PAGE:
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Archive for May 28th, 2013

The mills of the gods grind slowly, but they grind small.  –  Sextus Empiricus

The Sphinx at GizaSome years ago, after I retired but before I started writing this blog, I found that my perspective on human affairs had undergone a dramatic shift toward the cosmic.  I don’t mean that my opinions changed at that time (though some of them undoubtedly did, at least subtly); what I mean is that my viewpoint suddenly receded, as though I had stepped away from a magnifying lens through which I had always viewed the world.  I believe it was triggered by a period of very intensive study of biological history; since then I have been unable to view the timescale of any human life as “long”, and in fact often catch myself talking about stretches of many decades as “brief periods in history”.  Most of you have probably noticed it when I discuss moral panics and make statements like “they never last longer than about 20 years,” in the same tone most people might say “I’ve only been waiting for 20 minutes.”  I think the shift was necessary to prepare me for rights activism; an advocate who expects major change to occur within a relatively brief span of years is almost certainly doomed to disappointment, while one who understands that she is working not for herself but for generations yet unborn is much more likely to go to her grave with a sense of accomplishment as long as there has been some noticeable progress during her tenure.  This isn’t to say that change never happens within a human life, because it certainly does; the surviving veterans of Selma and Stonewall can attest to that.  But it is equally true that many generations stretching back to the Gracchi and beyond have worked to secure the rights of the individual against the state, and that without the efforts of those legions of fighters now gone to dust, the efforts of their modern descendants would have certainly come to naught.

So though the pace of change is usually glacial, it is inexorable.  As generation follows generation and the knowledge and thoughts of each who troubles himself to think is made available to those who follow him, more and more people come to realize that society must respect the rights of individuals who themselves respect the rights of others, and that the use of state-sponsored violence to suppress individual rights is therefore indefensible.  We live in a time where information can be shared more quickly and widely than it ever has been before, and though that means disinformation can also be shared more quickly, history demonstrates that, as fictional detectives are wont to say, “the truth will out.”  Good ideas eventually win out over bad ones, though it may take centuries and there will inevitably be periods of retrogression.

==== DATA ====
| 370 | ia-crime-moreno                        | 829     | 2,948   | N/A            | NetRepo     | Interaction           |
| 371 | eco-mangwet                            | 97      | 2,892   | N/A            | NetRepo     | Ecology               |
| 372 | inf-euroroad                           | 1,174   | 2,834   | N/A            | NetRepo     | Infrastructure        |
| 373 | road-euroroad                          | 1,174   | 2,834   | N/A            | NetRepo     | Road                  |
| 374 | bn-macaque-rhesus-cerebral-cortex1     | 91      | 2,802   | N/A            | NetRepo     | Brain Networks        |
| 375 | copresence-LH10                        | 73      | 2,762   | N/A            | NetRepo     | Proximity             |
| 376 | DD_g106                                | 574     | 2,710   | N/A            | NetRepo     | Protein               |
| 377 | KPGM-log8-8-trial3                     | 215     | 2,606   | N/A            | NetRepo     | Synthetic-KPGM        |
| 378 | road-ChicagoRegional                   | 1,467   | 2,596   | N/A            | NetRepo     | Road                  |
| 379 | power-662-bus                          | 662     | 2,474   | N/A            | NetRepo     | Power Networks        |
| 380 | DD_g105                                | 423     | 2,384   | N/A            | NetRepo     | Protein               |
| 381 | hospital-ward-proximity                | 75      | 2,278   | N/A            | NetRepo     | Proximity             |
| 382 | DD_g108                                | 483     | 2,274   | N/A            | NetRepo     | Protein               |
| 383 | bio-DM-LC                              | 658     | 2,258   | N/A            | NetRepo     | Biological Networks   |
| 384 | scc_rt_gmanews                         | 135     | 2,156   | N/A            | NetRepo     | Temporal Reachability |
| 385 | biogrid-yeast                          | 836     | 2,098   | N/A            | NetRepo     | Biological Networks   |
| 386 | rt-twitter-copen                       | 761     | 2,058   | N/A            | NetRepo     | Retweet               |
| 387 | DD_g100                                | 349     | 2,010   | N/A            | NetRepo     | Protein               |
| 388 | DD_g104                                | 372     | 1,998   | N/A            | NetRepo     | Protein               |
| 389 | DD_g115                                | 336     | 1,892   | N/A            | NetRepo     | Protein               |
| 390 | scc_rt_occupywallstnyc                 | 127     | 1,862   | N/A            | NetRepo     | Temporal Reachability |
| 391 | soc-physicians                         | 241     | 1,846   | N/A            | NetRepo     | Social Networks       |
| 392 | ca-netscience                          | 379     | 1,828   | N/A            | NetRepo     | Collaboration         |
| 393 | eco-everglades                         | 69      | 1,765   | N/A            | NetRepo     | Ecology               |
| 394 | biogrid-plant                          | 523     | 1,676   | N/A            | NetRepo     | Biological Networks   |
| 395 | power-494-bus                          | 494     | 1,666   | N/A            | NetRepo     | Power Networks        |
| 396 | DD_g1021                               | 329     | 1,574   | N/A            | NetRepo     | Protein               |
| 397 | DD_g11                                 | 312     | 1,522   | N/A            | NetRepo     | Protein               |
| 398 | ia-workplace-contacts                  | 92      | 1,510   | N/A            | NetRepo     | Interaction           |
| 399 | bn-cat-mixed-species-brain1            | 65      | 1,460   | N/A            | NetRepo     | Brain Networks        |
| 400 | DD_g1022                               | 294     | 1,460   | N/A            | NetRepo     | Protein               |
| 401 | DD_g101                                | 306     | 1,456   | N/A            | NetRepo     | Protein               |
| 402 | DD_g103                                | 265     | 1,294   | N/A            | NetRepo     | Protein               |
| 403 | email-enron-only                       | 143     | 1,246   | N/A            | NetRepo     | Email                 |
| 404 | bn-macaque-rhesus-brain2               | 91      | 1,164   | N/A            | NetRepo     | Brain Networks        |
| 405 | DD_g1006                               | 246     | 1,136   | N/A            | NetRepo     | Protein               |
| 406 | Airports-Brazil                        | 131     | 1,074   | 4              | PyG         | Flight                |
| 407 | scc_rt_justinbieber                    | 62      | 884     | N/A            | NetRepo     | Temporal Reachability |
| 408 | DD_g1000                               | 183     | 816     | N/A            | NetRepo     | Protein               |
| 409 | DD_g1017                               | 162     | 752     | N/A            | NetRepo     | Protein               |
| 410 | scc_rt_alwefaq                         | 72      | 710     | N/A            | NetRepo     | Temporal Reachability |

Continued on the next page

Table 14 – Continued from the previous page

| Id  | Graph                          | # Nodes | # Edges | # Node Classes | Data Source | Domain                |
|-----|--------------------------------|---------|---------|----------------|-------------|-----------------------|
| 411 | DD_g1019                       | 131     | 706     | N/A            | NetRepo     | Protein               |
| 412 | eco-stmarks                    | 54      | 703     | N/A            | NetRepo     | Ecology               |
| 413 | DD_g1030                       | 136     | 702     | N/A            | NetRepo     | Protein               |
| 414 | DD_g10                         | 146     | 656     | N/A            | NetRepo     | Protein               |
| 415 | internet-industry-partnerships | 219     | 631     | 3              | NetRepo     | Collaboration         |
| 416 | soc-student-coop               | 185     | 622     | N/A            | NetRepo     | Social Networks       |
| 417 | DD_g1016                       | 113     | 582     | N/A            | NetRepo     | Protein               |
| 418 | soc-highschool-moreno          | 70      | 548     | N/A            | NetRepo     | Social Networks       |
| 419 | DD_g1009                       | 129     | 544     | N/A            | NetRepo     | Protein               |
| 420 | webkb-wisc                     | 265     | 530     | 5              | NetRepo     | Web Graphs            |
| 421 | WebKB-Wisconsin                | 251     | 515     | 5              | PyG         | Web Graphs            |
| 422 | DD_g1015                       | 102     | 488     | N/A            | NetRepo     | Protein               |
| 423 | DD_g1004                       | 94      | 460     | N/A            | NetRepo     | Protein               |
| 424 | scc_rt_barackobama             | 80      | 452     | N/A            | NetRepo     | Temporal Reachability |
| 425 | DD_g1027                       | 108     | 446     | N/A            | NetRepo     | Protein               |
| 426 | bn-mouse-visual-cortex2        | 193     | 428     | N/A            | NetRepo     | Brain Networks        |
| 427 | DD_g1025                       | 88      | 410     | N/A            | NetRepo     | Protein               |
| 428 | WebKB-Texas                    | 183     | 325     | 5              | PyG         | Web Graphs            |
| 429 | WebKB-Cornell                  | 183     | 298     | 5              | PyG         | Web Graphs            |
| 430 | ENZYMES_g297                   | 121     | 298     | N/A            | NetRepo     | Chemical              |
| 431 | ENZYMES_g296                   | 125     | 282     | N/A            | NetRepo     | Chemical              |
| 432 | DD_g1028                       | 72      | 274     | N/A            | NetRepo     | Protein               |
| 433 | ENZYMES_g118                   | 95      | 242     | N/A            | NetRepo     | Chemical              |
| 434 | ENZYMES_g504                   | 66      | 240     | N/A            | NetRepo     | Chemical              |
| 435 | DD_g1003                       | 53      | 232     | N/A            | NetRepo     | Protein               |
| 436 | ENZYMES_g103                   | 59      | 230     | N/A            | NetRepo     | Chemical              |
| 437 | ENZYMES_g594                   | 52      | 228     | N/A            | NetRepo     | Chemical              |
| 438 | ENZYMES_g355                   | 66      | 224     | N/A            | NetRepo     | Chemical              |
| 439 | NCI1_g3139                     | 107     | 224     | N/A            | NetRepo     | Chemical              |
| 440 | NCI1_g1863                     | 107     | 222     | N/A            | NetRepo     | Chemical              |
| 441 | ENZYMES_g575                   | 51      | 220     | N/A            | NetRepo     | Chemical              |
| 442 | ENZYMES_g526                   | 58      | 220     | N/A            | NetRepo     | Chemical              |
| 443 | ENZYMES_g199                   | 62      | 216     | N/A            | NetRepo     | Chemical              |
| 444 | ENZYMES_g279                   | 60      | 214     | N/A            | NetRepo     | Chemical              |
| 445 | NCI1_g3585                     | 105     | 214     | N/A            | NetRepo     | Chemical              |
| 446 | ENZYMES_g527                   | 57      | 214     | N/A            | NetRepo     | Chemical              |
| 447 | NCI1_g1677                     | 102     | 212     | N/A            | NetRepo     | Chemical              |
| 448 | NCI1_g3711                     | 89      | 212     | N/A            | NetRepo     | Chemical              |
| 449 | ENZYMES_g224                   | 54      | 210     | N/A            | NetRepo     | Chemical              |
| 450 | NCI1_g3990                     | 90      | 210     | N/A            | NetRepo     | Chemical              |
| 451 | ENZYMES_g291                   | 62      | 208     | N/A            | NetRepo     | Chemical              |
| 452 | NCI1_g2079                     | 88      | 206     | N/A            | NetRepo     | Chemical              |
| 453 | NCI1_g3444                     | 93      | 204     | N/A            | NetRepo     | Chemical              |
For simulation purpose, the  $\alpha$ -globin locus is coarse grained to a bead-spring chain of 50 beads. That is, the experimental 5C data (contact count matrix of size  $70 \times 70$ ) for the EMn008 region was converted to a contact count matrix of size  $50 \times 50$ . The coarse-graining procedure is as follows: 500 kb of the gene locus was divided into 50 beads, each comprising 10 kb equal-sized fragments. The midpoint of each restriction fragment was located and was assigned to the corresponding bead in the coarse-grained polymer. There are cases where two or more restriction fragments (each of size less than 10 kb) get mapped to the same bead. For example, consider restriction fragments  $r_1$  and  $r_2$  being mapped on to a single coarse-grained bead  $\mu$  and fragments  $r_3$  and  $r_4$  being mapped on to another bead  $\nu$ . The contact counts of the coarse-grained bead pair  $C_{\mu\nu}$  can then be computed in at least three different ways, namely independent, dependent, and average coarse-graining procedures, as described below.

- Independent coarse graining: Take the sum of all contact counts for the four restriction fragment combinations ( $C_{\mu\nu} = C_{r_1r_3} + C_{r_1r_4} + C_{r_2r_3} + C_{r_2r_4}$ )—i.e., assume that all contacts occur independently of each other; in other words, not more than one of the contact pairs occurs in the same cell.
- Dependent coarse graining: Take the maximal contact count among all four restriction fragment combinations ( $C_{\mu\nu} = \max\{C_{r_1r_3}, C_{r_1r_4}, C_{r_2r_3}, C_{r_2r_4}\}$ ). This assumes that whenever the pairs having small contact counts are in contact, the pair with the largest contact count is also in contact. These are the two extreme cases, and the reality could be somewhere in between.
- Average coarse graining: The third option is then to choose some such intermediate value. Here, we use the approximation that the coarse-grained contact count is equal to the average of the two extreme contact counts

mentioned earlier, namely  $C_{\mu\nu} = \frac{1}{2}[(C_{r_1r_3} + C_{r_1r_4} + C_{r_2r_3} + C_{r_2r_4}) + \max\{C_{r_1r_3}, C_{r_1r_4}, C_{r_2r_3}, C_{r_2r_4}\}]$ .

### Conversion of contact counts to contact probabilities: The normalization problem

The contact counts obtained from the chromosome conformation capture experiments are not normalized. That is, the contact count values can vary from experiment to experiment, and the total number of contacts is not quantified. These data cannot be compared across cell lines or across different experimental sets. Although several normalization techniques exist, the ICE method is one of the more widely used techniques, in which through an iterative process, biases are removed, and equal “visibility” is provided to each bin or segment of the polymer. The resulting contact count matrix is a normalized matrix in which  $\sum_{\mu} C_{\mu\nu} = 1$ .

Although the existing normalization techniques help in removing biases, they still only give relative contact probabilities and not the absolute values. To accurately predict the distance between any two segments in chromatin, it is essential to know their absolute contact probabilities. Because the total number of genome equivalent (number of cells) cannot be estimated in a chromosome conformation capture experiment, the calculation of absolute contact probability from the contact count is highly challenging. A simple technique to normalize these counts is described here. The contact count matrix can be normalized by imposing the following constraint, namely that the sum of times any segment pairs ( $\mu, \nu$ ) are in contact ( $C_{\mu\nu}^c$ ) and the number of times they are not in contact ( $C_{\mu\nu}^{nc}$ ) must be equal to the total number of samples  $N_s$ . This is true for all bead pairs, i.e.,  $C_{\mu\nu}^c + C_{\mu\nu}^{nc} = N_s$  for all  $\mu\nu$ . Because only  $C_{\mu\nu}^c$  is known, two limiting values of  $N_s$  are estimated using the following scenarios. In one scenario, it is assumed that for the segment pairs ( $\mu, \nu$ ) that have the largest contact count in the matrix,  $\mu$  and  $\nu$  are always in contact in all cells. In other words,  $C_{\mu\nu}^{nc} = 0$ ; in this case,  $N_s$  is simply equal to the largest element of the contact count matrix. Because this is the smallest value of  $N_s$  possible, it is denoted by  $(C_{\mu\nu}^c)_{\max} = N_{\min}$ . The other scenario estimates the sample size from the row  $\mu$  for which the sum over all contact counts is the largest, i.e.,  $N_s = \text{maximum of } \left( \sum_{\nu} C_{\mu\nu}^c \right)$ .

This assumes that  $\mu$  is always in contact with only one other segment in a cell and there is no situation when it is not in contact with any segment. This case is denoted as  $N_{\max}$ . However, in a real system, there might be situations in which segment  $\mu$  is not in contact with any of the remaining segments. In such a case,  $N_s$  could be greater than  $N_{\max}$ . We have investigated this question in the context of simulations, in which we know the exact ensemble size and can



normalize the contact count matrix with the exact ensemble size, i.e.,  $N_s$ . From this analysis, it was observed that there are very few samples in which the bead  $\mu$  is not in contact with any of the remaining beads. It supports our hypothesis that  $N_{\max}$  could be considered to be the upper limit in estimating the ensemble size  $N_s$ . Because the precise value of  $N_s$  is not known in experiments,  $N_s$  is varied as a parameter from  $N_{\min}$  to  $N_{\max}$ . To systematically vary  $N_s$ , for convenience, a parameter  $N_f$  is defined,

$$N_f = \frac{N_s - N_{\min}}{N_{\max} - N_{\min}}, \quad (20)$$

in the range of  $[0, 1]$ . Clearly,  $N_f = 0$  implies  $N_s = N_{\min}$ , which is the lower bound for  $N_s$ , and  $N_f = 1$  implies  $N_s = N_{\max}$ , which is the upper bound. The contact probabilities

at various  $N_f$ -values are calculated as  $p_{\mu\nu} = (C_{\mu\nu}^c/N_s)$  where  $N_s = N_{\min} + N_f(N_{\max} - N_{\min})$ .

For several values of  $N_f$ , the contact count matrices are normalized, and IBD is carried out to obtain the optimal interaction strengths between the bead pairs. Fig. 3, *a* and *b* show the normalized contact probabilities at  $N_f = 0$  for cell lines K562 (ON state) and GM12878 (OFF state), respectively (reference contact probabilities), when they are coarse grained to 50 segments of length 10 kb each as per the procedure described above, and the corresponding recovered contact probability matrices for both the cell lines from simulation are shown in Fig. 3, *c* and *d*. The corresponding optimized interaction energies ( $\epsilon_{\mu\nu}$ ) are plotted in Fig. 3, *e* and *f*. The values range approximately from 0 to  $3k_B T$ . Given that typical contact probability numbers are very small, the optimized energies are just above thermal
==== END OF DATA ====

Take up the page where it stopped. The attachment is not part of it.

We seem to be slowly moving toward the end of such a retrograde period.  For the past two centuries, Western civilization has experimented with the bizarre and evil notion that it is both possible and desirable to force non-violent people to conform to the rulers’ definition of “moral behavior” by violently suppressing consensual behaviors of which the state officially disapproves.  And while those whose power and wealth depend upon prohibition have convinced a large fraction of the populace that evil is kindness, ignorance is wisdom and slavery is freedom, the self-evident absurdity of the belief becomes apparent to a larger number every year, and must eventually result in the consignment of the entire prohibitionist dogma to the ash-heap of history.  The week does not pass now in which we don’t see more and more people turning away from belief in the beneficence of bans, even while governments and their sycophantic worshipers push for ever-more prohibitions on consensual behavior.  These people are never swayed by moral arguments, and only rarely by practical ones; however, they do respond to political pressure, and many of those situated to apply that pressure do respond to solid practical and ethical argumentation.